Mr. Navalny wrote on his Facebook page that he initially feared an acid attack after feeling a burning sensation. But relief appears to have given way to exaltation after he realized that the bright green liquid not only would not harm him, but even made him look like a superhero — in his eyes, anyway. He can be seen mugging for the camera in a selfie taken after the fact.

Referring to masked heroes in Hollywood films in a post on Twitter, he wrote: “I will be opening a headquarters in Barnaul as if I am from the film The Mask! Cool. Even my teeth are green!”

Mr. Navalny, a charismatic critic of President Vladimir V. Putin, was a major driver of large street protests in 2011, 2012 and 2013, and has irked the Kremlin by shining a light on corruption. His bid to run for president of Russia was effectively derailed in February when a Russian court revived a four-year-old criminal conviction for defrauding a state company.

But he has continued to campaign, with his supporters saying the charges against him are politically motivated.

It turns out that being attacked with green substances is something of an occupational hazard for outspoken opponents of Mr. Putin. Late last month, Mikhail M. Kasyanov, another Putin critic, was spattered with green paint at a march in memory of the politician Boris Nemtsov, who was shot and killed on a Moscow bridge two years ago.

After the Siberia incident, some Navalny supporters showed solidarity by painting their faces green and posting on Twitter (“Alexey, Kazan headquarters is with you! We support!”), and one prominent blogger was detained after being seen on Red Square with his face and hands painted green.

“This strange assumption of the Kremlin: to pour brilliant green on me so that I don’t travel around the country and call rallies,” he wrote on Facebook. “It’s way cooler that way. Barnaul and Biysk volunteers (where we are opening two campaign headquarters these days) will get the most stylish selfies ever, and I’ll be the star of any rally.”

He did, however, seem more concerned about his new green teeth. “Lemon won’t help you remove brilliant green,” he wrote. “Formic acid is way better. But I’ll remain light-green for quite some time. What worries me is my teeth. They are also green so far, but I hope they’ll discolor.”

Whatever his new appearance, he showed little sign of backing down. “Our plans don’t change,” he wrote on Facebook. “On 26th, turn out for rallies.”

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China-Serbia visa-free regime to go into effect

(THIS ARTICLE IS COURTESY OF THE SHANGHAI DAILY NEWS)

China-Serbia visa-free regime to go into effect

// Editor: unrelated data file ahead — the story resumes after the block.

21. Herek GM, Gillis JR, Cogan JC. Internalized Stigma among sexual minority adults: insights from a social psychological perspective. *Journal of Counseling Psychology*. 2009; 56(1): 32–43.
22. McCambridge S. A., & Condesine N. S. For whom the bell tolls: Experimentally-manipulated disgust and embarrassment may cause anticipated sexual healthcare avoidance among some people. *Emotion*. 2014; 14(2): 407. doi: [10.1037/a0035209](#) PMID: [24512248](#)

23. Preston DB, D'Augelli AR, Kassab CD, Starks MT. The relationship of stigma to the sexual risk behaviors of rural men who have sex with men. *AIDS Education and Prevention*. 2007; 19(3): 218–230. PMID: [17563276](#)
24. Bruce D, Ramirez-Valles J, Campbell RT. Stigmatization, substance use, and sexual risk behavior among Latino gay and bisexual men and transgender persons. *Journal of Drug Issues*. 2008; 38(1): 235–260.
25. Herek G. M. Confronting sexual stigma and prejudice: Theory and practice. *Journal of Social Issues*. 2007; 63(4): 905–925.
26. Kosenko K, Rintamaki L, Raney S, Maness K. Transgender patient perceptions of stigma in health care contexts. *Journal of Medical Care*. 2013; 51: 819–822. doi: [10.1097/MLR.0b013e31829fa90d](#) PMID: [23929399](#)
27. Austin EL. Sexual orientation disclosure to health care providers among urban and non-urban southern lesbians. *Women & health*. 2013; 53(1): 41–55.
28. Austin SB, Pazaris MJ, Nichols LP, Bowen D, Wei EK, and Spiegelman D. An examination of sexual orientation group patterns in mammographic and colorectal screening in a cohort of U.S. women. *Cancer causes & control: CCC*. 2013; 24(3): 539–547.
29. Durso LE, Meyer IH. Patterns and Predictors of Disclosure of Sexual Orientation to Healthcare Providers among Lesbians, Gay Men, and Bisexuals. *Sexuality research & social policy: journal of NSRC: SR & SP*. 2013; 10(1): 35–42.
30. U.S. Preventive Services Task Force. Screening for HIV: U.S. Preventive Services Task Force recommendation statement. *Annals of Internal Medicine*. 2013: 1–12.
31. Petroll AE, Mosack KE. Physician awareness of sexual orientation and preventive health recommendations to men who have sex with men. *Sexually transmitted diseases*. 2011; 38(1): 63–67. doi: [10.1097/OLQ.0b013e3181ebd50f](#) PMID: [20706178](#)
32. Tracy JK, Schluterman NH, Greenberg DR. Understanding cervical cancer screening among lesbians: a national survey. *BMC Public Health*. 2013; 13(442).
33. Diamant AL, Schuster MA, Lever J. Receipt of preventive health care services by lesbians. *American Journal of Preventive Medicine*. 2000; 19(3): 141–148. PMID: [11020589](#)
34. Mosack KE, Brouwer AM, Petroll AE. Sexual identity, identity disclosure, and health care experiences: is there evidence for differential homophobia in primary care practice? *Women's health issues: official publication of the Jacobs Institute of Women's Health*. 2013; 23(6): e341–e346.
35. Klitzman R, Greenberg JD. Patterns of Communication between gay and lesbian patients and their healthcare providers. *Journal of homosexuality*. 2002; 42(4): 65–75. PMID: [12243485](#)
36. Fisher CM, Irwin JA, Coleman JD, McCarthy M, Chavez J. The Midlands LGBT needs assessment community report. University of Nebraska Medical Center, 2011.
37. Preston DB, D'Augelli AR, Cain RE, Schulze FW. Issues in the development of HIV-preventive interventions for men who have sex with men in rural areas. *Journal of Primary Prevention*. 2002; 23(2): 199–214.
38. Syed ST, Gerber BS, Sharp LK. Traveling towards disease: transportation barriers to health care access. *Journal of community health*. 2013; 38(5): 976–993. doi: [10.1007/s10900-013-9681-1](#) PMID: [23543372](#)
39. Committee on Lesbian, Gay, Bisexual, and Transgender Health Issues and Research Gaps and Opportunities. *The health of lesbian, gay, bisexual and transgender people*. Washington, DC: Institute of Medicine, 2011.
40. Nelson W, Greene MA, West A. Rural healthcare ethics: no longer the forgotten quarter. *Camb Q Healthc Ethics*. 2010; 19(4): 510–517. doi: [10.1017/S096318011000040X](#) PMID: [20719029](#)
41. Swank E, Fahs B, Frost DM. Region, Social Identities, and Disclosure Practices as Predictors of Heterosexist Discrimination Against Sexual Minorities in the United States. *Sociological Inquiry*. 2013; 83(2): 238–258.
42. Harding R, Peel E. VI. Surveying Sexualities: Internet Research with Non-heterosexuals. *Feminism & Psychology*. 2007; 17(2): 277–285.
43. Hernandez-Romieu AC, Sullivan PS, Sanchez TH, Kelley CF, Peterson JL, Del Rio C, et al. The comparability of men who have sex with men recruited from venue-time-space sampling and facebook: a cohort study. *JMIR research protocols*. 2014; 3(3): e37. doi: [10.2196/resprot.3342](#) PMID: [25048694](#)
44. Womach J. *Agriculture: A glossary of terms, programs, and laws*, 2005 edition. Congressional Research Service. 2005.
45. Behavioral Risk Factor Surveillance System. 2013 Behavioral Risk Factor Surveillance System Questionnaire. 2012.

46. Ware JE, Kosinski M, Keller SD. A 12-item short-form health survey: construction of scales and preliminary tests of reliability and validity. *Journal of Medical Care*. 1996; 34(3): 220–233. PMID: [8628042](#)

SERBIAN Foreign Minister Ivica Dacic told a press conference Friday that the country’s agreement on a mutual visa-free regime with China will take effect Jan. 15.

He said all internal procedures have been completed in Serbia and China.

Dacic added the visa-free regime will start 30 days after the two countries inform each other officially.

The minister also said that the Serbian government will continue to cancel visas with as many countries as possible.

According to previous reports, the draft visa-free agreement will allow holders of ordinary passports of both countries to enjoy a visa-free entry for a stay of up to 30 days.

China’s Women Win Volleyball Gold For Third Time In Rio

China wins third women’s volleyball gold

ZHU Ting propelled China to a 3-1 (18-25, 25-17, 25-23, 25-23) victory over Serbia to claim the gold medal of the women’s volleyball tournament at Rio 2016 Olympic Games on Saturday.

Zhu, who was named the Most Valuable Player, finished as the top scorer of the competition with a total of 179 points including a tournament-high 33 in the semifinals against the Netherlands. She capped her participation with 25 points as the main Chinese weapon in the triumph.

China climbed to the top of the podium for the third time in the history of volleyball at the Olympic Games and first since Athens 2004. They also won the gold medal in Los Angeles 1984, a silver medal in Atlanta 1996 and bronze medals in Seoul 1988 and also at home in Beijing 2008.

China’s Lang Ping became the first to win a gold medal as a player in Los Angeles 1984 and repeat the feat now as a coach.

The silver medal for Serbia is their best finish in three Olympic appearances after concluding fifth and 11th in Beijing and London, respectively.

China’s Hui Ruoqi and Xu Yunli contributed 13 and 12 points in the victory, while Yuan Xinyue added 9, including three blocks.

Tijana Boskovic and Milena Rasic were the top scorers for Serbia with 23 and 16 points, respectively, and Tijana Malesevic and Brankica Mihajlovic finished with 11 apiece in the loss.

The fourth set was a close battle until Zhu scored twice for a 16-13 lead. With Mihajlovic and Boskovic both on the bench, Serbia closed in to 19-18 with consecutive spikes by Malesevic and Veljkovic. Serbia tied at 20-all via opponent error. Then at 23-all, Rasic served out of bounds and China won 25-23 with the spike by Hui.

“We faced a very tough opponent but we concentrated on each point, one by one,” said Hui.